France’s Political Upheaval and What It Portends for the Jews

The campaign for France’s upcoming national elections—which occur on April 23 and May 7—has already made clear that the country is undergoing a political realignment as unexpected as those in the U.S. and UK, and perhaps with even more far-reaching consequences. In an in-depth and informative analysis of the current situation and its causes, Michel Gurfinkiel notes how Jews play into the current conversation:

Pascal-Emmanuel Gobry, who served as editor at Atlantico, a major conservative online magazine, recently remarked that Jews function in many countries as an advance-warning system. When Jews get anxious about their condition, it means that something wrong and ominous may be lurking for the nation at large. Can this Jewish standard be applied to the present situation of France? Maybe. Muslim anti-Semitism (with or without the excuse of anti-Zionism) has been a harbinger of more general Muslim antagonism to mainstream French culture. Repeated acts of anti-Jewish terrorism preceded the anti-French terrorism wave of 2015 and 2016.

By this token, the 2017 presidential campaign is not entirely reassuring. Globalization, the original sin according to both the far left and far right, is frequently associated with the United States, the West—and the Jews. . . . Donald Trump may be an America Firster, but he is also a friend of Israel, the father of an Orthodox Jewish daughter and the “proud grandfather,” to quote him, “of Jewish grandchildren.” In the [French] order of things, French Muslims may support, indiscriminately, Islamic State or Palestinian groups or Iran or Assad’s Syria as expressions of Muslim power, while many non-Muslim French may support Iran or Hizballah or Assad’s Syria as allies against Islamic State.

As for the rise of [the maverick, economically liberal candidate Emmanuel] Macron, it fits only too well many stereotypes about elites, bankers, cosmopolitanism, conspiracies, or what the Americans call “Manchurian candidates.” Again, these stereotypes tend to include Jews as well. A conservative website recently ran a caricature of Macron as a former Rothschild banker, [which he is], that exaggerated some of his facial features, clearly to suggest, against all the evidence, that he is Jewish. It was swiftly withdrawn, but the damage was done.

Read more at Standpoint

More about: Anti-Semitism, European Islam, France, French Jewry, Politics & Current Affairs

To Save Gaza, the U.S. Needs a Strategy to Restrain Iran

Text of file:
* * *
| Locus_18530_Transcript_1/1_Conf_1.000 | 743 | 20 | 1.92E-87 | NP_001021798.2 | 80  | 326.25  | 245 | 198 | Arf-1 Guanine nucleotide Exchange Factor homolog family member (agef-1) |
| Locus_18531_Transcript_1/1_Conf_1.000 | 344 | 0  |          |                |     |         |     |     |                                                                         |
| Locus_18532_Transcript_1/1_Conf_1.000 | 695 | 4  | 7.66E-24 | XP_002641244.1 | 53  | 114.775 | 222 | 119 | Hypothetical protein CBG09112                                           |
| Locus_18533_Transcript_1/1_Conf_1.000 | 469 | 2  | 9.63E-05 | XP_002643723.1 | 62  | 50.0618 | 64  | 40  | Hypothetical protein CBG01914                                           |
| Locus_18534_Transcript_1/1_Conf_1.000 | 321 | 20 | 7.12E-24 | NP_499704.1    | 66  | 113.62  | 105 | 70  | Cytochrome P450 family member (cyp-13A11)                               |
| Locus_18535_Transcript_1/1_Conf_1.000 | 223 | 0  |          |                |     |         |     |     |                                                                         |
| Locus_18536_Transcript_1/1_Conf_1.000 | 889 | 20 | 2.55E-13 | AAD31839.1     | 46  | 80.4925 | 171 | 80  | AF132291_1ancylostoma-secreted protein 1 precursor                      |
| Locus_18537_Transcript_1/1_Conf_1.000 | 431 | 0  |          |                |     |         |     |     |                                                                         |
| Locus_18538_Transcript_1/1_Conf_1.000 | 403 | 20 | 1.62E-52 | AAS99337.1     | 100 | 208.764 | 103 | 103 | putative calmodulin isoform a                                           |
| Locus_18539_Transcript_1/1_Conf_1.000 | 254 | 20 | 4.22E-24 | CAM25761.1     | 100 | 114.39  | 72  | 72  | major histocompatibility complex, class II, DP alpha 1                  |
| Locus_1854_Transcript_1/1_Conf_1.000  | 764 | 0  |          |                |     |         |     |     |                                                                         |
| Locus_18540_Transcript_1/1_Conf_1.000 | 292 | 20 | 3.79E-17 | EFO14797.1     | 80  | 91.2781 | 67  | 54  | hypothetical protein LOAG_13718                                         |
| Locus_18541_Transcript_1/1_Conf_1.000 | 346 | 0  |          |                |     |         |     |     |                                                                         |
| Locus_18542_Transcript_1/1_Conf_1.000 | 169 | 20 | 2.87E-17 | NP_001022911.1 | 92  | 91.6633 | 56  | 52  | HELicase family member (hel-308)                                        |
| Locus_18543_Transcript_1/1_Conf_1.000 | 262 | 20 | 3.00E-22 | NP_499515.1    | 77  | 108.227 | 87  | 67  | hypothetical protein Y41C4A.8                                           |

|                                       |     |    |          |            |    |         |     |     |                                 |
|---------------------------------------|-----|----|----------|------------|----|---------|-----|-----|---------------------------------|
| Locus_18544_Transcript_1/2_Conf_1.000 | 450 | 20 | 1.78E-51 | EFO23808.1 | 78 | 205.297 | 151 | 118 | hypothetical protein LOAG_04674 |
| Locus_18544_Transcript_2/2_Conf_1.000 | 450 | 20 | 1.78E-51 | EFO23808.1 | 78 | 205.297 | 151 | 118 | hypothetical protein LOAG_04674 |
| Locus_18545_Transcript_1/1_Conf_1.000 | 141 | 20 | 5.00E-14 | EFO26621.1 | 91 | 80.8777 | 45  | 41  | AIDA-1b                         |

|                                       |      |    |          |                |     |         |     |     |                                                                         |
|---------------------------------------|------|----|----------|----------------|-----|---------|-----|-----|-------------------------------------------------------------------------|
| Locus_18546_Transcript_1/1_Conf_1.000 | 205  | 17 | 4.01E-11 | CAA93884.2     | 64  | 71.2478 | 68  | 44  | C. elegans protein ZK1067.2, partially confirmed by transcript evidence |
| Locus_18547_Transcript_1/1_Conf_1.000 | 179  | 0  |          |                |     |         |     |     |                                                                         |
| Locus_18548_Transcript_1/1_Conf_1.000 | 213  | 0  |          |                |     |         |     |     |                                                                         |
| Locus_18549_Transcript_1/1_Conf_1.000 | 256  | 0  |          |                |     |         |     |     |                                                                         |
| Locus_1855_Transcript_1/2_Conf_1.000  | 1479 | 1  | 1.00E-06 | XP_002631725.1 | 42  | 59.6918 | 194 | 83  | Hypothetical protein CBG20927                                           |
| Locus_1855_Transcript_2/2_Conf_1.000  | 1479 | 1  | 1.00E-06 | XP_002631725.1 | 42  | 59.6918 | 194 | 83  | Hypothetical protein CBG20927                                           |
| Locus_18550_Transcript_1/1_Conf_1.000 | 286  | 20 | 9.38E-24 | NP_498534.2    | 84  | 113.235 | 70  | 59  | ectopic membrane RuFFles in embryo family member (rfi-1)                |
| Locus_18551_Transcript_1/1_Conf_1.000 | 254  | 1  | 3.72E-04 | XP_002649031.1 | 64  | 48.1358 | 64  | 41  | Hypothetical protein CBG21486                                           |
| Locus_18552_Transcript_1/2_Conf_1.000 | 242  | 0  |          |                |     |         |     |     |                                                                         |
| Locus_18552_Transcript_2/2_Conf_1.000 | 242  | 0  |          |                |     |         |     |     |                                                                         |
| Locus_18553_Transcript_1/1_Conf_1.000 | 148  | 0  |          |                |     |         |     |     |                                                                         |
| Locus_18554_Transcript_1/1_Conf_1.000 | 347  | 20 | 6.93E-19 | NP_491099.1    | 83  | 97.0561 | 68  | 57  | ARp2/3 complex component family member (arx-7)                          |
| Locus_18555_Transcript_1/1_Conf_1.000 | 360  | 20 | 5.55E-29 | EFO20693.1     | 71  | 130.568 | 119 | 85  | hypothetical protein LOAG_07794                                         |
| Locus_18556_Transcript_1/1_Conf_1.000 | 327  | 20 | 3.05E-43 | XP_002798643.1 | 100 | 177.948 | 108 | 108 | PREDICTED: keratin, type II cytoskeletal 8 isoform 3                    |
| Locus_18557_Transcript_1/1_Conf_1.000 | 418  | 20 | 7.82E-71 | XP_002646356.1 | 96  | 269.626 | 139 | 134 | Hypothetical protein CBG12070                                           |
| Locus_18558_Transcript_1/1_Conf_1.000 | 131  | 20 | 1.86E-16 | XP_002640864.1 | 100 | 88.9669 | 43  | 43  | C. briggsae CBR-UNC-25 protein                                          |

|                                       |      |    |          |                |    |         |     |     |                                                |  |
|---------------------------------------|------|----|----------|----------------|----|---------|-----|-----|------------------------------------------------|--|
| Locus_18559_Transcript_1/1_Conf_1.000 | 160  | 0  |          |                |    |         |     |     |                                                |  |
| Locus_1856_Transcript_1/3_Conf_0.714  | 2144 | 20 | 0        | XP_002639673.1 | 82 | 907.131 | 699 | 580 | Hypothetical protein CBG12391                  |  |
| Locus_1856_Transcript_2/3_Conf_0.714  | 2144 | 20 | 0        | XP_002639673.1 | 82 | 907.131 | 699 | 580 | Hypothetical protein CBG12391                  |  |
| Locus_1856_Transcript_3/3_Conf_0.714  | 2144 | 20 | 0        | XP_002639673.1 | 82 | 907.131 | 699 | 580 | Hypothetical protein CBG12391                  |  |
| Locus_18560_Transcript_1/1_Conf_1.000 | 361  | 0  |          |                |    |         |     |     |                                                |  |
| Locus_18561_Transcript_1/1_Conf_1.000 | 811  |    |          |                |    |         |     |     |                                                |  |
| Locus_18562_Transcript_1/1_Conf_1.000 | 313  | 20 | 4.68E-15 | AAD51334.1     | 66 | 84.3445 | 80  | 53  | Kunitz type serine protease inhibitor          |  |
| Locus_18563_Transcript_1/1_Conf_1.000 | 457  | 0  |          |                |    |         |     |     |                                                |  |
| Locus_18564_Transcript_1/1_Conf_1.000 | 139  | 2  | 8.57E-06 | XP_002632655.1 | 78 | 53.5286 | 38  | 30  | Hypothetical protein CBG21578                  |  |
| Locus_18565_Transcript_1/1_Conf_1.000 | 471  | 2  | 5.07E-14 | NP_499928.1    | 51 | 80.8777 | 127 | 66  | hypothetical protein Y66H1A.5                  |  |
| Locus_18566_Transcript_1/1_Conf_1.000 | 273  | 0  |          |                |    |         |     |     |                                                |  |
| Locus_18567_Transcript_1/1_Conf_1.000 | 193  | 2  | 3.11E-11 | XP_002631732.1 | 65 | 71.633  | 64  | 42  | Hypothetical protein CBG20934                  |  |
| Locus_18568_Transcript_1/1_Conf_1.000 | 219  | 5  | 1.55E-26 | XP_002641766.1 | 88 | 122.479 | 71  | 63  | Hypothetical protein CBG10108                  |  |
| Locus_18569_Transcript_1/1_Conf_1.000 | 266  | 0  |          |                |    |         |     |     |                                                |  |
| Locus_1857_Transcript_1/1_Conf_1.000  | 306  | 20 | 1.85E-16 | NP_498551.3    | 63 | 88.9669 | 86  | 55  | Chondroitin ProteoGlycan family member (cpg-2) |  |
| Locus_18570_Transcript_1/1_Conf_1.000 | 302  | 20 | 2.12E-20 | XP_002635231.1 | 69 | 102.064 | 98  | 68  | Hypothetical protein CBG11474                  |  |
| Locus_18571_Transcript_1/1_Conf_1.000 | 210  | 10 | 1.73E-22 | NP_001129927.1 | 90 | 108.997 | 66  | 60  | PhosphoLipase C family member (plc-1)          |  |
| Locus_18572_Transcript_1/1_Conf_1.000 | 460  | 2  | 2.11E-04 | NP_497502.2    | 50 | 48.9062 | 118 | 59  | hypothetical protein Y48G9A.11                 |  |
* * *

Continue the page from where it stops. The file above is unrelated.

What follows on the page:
Since the outbreak of war on October 7, America has given Israel much support, and also much advice. Seth Cropsey argues that some of that advice hasn’t been especially good:

American demands for “restraint” and a “lighter footprint” provide significant elements of Hamas’s command structure, including Yahya Sinwar, the architect of 10/7, a far greater chance of surviving and preserving the organization’s capabilities. Its threat will persist to some extent in any case, since it has significant assets in Lebanon and is poised to enter into a full-fledged partnership with Hizballah that would give it access to Lebanon’s Palestinian refugee camps for recruitment and to Iranian-supported ratlines into Jordan and Syria.

Turning to the aftermath of the war, Cropsey observes that it will take a different kind of involvement for the U.S. to get the outcomes it desires, namely an alternative to Israeli and to Hamas rule in Gaza that comes with buy-in from its Arab allies:

The only way that Gaza can be governed in a sustainable and stable manner is through the participation of Arab states, and in particular the Gulf Arabs, and the only power that can deliver their participation is the United States. A grand bargain is impossible unless the U.S. exerts enough leverage to induce one.

Militarily speaking, the U.S. has shown no desire seriously to curb Iranian power. It has persistently signaled a desire to avoid escalation. . . . The Gulf Arabs understand this. They have no desire to engage in serious strategic dialogue with Washington and Jerusalem over Iran strategy, since Washington does not have an Iran strategy.

Gaza’s fate is a small part of a much broader strategic struggle. Unless this is recognized, any diplomatic master plan will degenerate into a diplomatic parlor game.

Read more at National Review

More about: Gaza War 2023, Iran, U.S. Foreign policy